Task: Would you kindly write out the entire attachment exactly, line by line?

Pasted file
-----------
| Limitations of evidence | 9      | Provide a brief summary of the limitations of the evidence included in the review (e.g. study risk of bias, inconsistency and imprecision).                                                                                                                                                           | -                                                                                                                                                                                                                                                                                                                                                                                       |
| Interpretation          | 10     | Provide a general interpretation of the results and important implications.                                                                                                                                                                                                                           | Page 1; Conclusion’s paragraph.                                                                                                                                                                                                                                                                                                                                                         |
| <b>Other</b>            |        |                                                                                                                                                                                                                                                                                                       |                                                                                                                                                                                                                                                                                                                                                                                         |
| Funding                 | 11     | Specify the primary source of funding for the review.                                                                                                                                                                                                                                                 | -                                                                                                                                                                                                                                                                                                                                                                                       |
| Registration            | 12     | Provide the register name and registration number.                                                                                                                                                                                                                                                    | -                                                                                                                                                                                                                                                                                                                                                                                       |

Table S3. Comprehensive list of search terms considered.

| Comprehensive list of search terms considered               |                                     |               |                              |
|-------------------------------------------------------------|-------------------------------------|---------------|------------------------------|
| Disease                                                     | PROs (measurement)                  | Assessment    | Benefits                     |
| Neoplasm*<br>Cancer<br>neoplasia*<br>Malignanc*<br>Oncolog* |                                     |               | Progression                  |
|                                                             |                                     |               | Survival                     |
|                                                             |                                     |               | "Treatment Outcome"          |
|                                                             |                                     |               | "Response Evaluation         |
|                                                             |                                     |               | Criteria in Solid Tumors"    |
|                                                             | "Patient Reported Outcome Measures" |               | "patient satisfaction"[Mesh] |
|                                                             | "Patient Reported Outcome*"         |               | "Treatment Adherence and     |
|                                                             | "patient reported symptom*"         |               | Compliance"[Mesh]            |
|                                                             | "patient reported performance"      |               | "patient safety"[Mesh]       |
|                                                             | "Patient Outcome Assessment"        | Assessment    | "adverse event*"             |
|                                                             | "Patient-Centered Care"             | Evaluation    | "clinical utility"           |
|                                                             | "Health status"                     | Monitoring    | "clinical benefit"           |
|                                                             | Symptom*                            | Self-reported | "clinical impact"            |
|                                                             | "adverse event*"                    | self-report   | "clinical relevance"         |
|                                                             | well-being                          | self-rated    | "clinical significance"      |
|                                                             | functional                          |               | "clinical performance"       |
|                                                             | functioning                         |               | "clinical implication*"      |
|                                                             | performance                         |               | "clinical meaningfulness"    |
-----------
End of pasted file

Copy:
| Limitations of evidence | 9      | Provide a brief summary of the limitations of the evidence included in the review (e.g. study risk of bias, inconsistency and imprecision).                                                                                                                                                           | -                                                                                                                                                                                                                                                                                                                                                                                       |
| Interpretation          | 10     | Provide a general interpretation of the results and important implications.                                                                                                                                                                                                                           | Page 1; Conclusion’s paragraph.                                                                                                                                                                                                                                                                                                                                                         |
| <b>Other</b>            |        |                                                                                                                                                                                                                                                                                                       |                                                                                                                                                                                                                                                                                                                                                                                         |
| Funding                 | 11     | Specify the primary source of funding for the review.                                                                                                                                                                                                                                                 | -                                                                                                                                                                                                                                                                                                                                                                                       |
| Registration            | 12     | Provide the register name and registration number.                                                                                                                                                                                                                                                    | -                                                                                                                                                                                                                                                                                                                                                                                       |

Table S3. Comprehensive list of search terms considered.

| Comprehensive list of search terms considered               |                                     |               |                              |
|-------------------------------------------------------------|-------------------------------------|---------------|------------------------------|
| Disease                                                     | PROs (measurement)                  | Assessment    | Benefits                     |
| Neoplasm*<br>Cancer<br>neoplasia*<br>Malignanc*<br>Oncolog* |                                     |               | Progression                  |
|                                                             |                                     |               | Survival                     |
|                                                             |                                     |               | "Treatment Outcome"          |
|                                                             |                                     |               | "Response Evaluation         |
|                                                             |                                     |               | Criteria in Solid Tumors"    |
|                                                             | "Patient Reported Outcome Measures" |               | "patient satisfaction"[Mesh] |
|                                                             | "Patient Reported Outcome*"         |               | "Treatment Adherence and     |
|                                                             | "patient reported symptom*"         |               | Compliance"[Mesh]            |
|                                                             | "patient reported performance"      |               | "patient safety"[Mesh]       |
|                                                             | "Patient Outcome Assessment"        | Assessment    | "adverse event*"             |
|                                                             | "Patient-Centered Care"             | Evaluation    | "clinical utility"           |
|                                                             | "Health status"                     | Monitoring    | "clinical benefit"           |
|                                                             | Symptom*                            | Self-reported | "clinical impact"            |
|                                                             | "adverse event*"                    | self-report   | "clinical relevance"         |
|                                                             | well-being                          | self-rated    | "clinical significance"      |
|                                                             | functional                          |               | "clinical performance"       |
|                                                             | functioning                         |               | "clinical implication*"      |
|                                                             | performance                         |               | "clinical meaningfulness"    |